For more info on this situation, check out this link from the local Kfar Yona newspaper (in Hebrew), or this article that appeared in Haaretz back in August (it's the story entitled "Parents protest overcrowding during school reconstruction").

6 comments:

Yael K said...

Sadly such incompetence and shirking of responsibility is not limited to Israel. When I was a child my mother had the offer to move us from a bad living situation into family housing on the college campus in New Orleans. On her student budget and with 2 kids this seemed like a great opportunity. But she decided it was better to stay where we were once we toured the place because there were many rusty metal spikes sticking up out of the ground, some of them two feet high, in the playground/courtyard area. She complained to the university and learned that many complaints had been lodged in the two years the apartments had been up but nothing had been done. A maintance man for the apartments tripped, fell on one of these spikes, and died. That was another four years later. The spikes were finally removed six years and one death too late.

He said...

But..."hiyeh beseder"!
A line guaranteed to wind you up.

A said...

Indeed, not to mention that school bus accident that happend in Kfar Yona junction.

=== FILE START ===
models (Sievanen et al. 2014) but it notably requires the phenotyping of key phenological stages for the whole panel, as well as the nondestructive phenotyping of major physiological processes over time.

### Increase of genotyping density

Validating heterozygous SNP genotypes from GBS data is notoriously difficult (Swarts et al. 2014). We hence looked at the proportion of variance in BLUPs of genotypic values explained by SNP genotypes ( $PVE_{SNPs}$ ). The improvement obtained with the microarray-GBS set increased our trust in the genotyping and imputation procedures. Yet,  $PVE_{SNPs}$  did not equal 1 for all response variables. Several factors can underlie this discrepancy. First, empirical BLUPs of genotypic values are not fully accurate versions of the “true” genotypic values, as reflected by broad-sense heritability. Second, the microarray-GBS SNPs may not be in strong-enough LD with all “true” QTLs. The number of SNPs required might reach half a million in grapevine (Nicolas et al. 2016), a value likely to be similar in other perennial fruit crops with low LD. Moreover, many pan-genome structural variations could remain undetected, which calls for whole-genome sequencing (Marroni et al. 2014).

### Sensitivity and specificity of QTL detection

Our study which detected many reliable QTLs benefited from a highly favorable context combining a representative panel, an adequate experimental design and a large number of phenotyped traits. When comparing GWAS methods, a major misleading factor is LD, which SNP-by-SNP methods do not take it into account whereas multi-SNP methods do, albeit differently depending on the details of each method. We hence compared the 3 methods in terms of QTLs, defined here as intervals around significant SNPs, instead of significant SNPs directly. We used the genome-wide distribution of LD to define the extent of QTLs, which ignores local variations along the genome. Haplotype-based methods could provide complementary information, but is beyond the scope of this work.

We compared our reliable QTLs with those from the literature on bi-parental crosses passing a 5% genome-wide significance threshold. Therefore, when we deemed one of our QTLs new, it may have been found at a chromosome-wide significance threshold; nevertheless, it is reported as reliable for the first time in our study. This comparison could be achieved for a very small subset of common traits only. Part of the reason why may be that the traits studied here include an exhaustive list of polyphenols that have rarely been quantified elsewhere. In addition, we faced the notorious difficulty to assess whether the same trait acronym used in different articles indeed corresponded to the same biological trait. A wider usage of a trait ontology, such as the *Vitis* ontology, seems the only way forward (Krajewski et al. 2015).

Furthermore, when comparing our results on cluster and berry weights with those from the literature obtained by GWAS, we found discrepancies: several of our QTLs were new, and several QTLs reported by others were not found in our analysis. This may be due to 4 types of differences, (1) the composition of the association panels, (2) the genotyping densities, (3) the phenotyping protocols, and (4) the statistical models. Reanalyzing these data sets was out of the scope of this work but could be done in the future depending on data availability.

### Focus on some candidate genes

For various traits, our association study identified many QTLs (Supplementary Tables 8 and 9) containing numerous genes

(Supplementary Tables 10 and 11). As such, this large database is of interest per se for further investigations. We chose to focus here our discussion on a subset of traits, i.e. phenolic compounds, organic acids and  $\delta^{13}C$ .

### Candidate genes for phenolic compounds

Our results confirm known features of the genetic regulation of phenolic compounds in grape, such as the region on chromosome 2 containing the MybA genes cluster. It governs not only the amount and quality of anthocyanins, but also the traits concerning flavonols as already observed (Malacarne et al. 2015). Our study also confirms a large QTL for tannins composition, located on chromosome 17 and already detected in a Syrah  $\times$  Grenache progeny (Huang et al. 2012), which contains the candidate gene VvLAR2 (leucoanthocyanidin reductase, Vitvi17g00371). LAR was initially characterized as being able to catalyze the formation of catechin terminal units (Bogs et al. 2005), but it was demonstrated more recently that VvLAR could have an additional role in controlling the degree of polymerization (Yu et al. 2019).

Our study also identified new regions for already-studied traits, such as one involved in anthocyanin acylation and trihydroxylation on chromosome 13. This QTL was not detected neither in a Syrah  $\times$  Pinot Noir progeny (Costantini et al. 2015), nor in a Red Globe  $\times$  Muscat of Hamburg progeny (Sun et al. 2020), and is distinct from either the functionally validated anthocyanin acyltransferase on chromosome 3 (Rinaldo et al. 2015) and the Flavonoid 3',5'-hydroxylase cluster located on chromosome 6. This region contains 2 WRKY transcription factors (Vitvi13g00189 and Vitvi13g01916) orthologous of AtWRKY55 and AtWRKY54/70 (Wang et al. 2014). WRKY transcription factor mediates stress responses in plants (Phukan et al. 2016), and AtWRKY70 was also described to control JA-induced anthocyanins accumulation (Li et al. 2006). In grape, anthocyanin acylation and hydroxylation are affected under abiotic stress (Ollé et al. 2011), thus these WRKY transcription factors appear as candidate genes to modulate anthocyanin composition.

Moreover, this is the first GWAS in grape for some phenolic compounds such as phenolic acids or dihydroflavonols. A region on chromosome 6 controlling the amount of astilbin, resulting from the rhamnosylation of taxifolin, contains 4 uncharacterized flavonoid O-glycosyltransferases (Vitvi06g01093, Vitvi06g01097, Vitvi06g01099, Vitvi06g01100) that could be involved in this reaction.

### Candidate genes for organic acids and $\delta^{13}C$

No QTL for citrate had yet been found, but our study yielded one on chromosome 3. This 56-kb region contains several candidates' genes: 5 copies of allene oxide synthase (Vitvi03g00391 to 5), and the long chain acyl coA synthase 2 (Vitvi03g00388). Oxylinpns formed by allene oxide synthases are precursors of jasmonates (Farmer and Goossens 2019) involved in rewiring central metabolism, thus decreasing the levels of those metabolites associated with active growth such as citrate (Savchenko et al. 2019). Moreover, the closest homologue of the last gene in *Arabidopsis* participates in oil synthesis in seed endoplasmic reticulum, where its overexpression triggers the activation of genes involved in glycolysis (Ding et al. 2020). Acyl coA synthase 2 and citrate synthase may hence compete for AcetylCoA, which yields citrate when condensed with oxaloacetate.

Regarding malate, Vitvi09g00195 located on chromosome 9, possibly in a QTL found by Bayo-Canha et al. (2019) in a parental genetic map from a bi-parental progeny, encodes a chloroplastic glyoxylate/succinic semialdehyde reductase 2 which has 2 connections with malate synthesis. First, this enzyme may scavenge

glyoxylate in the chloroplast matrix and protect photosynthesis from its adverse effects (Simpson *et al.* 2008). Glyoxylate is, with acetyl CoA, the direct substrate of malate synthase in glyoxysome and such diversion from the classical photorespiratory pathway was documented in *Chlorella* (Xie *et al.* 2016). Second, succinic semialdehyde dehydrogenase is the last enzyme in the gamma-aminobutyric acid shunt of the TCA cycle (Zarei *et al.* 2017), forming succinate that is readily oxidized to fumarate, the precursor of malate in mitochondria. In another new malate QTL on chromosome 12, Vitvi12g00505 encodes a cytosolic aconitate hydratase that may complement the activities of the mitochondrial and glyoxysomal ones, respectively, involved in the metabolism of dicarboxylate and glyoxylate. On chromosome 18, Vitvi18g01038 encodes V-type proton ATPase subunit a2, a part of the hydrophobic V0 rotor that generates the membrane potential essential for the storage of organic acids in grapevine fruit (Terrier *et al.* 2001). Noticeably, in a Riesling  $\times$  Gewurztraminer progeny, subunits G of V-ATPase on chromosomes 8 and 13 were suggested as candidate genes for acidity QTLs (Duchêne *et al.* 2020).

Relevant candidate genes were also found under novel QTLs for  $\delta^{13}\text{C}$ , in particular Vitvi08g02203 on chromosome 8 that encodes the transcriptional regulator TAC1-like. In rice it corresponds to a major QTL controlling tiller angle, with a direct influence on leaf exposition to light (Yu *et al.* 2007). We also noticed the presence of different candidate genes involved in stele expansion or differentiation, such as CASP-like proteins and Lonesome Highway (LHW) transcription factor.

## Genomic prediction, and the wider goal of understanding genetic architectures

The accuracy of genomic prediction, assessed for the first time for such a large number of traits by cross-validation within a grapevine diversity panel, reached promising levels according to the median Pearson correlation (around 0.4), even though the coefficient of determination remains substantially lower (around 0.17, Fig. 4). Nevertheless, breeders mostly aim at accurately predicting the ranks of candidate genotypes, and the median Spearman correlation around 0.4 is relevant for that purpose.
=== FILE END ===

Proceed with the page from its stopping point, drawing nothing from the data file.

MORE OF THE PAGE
Two things can be learned from it:
1) Nothing was done in the junction to improve it - and this week the minister of tranportaion on a "private" visit announced that there will be no working on this road as planned for the next 5-6 years...

2) More important - the same minister is not invoking the reulation that enforce school buses to have seat belts!

So what can we learn from it? that even if something happens - it does not assure us that it will be taken care of... maybe we should rethink about what is going on in our knesset. Just consider all this "spins" that going on last two weeks = NOTHING IS REALLY CHANGED = Those are the same people just in different permutation!!! After the elections nothing will be different and as we say in hebrew: "Shelo Yaavdu alechem" = "Don't let them fool you"

Liza said...

Yael: I'd like to think that what happened on the campus in New Orleans is a thing of the past in the US, though sadly, I'm guessing it's not. Is there a better system of checks and balances though? Is there a greater expectancy with regard to accountability? I know I've been living outside the US for a long time now, but I suppose I want to believe that the American mentality at this point in time does its best to ensure that things like this don't happen.

He: :-P

A: Excellent point. Unfortunately, I don't see things improving any time soon, given that the Israeli mentality is not likely to change in the near future, and even though the government players are switching teams, they are all just the same players. It is a sad situation that the Israeli public grudgingly accepts because most people are too apathetic to do anything, especially when they see that the government is nothing but a well-oiled machine of corruption, ignoring the real issues while they waste time protecting their colleagues who dabble in dirty deeds.

Anonymous said...

Oh damn- "He" stole my line!

Yep, the good ol' "Yehiye beseder"-a line that like no other strikes fear deep into my heart.

I really like your blog, guys. And "She", in this post you articulated perfectly one of my pet peeves in this crazy country.

Jeru Guru said...

First time to your blog but won't be the last.

JG